How technology killed auto theft
. . . 1990, the city had 147,000 reported auto thefts, one for every 50 residents; last year, there were just 7,400, or one per 1,100. That’s a 96 percent drop in the rate of car theft. . . .
The most important factor is a technological advance: engine immobilizer systems, adopted by manufacturers in the late 1990s and early 2000s. These make it essentially impossible to start a car without the ignition key, which contains a microchip uniquely programmed by the dealer to match the car.
Criminals generally have not been able to circumvent the technology or make counterfeit keys. “It’s very difficult; not just your average perpetrator on the street is going to be able to steal those cars,” said Capt. John Boller, who leads the New York Police Department’s auto crime division. Instead, criminals have stuck to stealing older cars.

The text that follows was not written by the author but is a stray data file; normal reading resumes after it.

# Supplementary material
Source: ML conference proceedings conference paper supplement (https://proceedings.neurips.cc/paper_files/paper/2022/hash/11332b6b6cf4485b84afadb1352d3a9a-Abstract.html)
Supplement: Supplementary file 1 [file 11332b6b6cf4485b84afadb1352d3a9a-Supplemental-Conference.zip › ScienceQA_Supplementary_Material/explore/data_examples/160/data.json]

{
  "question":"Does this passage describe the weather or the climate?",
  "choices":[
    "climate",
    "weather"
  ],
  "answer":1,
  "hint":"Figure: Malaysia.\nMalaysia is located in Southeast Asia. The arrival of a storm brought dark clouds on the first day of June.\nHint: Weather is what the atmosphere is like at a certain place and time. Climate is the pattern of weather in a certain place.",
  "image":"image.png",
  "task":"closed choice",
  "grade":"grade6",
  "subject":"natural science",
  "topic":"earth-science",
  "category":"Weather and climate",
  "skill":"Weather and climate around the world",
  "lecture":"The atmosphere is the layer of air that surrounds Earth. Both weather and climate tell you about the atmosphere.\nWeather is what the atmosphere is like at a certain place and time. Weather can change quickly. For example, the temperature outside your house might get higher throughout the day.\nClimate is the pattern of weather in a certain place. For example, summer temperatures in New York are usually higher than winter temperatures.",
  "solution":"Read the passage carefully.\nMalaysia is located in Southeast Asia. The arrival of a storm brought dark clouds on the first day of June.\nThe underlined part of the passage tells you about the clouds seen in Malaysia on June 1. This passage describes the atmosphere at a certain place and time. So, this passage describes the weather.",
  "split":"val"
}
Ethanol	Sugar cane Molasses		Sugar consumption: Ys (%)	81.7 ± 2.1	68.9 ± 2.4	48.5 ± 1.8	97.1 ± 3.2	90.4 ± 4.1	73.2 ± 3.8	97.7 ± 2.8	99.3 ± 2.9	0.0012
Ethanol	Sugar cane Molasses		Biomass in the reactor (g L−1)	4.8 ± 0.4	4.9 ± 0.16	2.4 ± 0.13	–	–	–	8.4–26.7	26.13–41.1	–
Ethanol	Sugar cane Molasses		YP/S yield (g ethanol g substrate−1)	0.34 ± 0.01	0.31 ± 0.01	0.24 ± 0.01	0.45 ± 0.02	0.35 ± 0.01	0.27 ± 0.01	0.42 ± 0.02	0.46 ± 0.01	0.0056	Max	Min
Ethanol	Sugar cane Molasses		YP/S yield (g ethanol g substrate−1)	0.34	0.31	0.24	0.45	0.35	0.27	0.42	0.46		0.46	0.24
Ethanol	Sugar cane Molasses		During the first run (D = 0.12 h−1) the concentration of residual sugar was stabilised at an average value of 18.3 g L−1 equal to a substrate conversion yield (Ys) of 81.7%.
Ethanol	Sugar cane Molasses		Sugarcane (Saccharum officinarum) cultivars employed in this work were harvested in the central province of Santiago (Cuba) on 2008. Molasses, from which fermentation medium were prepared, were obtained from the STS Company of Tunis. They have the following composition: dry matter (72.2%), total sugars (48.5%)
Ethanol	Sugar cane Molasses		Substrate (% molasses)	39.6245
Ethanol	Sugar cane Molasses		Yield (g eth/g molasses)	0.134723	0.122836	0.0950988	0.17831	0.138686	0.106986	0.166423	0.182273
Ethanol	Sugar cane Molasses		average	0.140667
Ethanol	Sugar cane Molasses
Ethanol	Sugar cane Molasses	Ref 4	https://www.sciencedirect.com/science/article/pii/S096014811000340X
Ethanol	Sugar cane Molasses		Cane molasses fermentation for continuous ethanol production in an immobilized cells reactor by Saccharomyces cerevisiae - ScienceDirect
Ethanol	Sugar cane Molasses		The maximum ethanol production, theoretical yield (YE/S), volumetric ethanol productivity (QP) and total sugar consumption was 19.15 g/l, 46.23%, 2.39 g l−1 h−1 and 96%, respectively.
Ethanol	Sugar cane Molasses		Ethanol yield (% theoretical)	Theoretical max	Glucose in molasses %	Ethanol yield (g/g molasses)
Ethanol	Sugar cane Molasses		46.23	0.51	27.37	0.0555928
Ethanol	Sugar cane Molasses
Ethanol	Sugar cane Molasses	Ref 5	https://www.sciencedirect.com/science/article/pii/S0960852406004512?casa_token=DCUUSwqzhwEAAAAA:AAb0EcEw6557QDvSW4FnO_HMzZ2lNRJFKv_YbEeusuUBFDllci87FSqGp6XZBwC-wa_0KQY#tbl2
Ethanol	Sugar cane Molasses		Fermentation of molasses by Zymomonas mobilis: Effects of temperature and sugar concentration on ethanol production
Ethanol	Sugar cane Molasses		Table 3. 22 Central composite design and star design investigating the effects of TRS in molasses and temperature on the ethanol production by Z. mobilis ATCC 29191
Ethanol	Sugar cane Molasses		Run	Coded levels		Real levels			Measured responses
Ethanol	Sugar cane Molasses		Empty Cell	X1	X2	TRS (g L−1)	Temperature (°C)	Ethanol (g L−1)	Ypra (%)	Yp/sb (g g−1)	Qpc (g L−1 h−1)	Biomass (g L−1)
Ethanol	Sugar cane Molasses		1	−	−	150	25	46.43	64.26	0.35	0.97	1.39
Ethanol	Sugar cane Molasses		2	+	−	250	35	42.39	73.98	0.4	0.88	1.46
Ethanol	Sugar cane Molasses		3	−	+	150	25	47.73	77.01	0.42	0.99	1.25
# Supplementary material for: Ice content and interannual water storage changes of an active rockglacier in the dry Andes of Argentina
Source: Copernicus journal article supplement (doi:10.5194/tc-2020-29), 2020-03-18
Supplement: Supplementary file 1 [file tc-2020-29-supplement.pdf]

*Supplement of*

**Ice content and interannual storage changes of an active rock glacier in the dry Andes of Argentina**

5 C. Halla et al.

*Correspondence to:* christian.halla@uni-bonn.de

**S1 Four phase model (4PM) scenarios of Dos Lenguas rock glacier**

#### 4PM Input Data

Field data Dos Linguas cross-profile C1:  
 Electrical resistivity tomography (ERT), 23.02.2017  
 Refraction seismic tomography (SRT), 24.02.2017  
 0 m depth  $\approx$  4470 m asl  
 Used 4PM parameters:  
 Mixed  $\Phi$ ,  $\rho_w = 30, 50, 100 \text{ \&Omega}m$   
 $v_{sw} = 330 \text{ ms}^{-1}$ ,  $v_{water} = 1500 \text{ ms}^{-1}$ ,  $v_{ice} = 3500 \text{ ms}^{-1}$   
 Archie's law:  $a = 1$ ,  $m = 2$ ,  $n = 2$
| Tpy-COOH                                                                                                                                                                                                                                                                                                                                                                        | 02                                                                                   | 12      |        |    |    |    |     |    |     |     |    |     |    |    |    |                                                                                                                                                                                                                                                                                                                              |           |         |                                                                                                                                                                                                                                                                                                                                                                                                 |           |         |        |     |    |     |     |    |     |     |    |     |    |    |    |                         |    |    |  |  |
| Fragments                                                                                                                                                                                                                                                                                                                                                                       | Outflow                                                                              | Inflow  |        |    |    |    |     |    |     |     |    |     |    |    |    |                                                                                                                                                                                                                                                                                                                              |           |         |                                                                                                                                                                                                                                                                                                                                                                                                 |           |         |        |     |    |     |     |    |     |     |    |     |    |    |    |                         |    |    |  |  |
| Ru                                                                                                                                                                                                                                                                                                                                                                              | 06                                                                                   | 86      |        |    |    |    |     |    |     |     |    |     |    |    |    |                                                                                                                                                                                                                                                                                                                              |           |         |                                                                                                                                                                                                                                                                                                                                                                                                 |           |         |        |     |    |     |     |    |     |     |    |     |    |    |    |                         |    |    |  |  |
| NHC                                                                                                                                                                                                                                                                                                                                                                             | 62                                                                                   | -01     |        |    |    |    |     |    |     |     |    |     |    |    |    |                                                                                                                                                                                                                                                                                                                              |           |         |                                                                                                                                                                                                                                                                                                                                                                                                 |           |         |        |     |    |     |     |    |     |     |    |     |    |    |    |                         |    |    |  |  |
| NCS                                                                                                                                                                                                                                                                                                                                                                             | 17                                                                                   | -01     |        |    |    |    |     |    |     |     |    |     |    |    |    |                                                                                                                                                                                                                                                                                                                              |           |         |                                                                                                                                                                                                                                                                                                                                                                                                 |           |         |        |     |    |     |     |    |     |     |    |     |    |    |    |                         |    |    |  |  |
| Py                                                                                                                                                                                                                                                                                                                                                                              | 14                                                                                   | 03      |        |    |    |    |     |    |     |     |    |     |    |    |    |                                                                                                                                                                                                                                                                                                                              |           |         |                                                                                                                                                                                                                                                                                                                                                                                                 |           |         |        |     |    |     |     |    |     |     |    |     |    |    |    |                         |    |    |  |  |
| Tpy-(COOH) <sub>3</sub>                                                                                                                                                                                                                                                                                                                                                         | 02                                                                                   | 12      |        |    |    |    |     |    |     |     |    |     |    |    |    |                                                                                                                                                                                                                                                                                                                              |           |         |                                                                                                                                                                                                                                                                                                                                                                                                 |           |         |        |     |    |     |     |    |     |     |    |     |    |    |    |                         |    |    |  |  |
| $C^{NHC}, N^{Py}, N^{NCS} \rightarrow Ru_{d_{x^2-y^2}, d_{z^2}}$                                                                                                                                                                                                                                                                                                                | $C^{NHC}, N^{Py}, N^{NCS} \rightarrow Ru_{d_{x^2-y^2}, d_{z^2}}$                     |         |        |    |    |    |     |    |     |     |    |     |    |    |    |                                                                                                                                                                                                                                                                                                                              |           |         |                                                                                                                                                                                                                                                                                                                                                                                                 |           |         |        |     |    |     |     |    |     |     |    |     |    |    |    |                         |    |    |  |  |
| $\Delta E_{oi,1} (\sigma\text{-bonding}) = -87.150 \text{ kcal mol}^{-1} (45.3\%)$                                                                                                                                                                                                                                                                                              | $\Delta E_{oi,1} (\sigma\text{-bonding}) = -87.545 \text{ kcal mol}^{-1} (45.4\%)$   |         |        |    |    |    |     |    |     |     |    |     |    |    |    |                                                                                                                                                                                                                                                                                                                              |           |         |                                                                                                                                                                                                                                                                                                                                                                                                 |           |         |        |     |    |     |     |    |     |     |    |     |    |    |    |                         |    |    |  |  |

You can see this in the pattern of thefts of America’s most stolen car, the Honda Accord. About 54,000 Accords were stolen in 2013, 84 percent of them from model years 1997 or earlier, according to data from the National Insurance Crime Bureau, a trade group for auto insurers and lenders. Not coincidentally, Accords started to be sold with immobilizers in the 1998 model year. The Honda Civic, America’s second-most stolen car, shows a similar pattern before and after it got immobilizer technology for model year 2001. . . .Making it hard to steal cars undoubtedly matters a lot, but the drop in auto theft from 1991 to 2000 or 2001 is much larger than the drop from 2000 or 2001 to 2012. However, the percentage drop from 2001 to 2012 (46%) is somewhat greater than the drop from 1991 to 2000 (37%).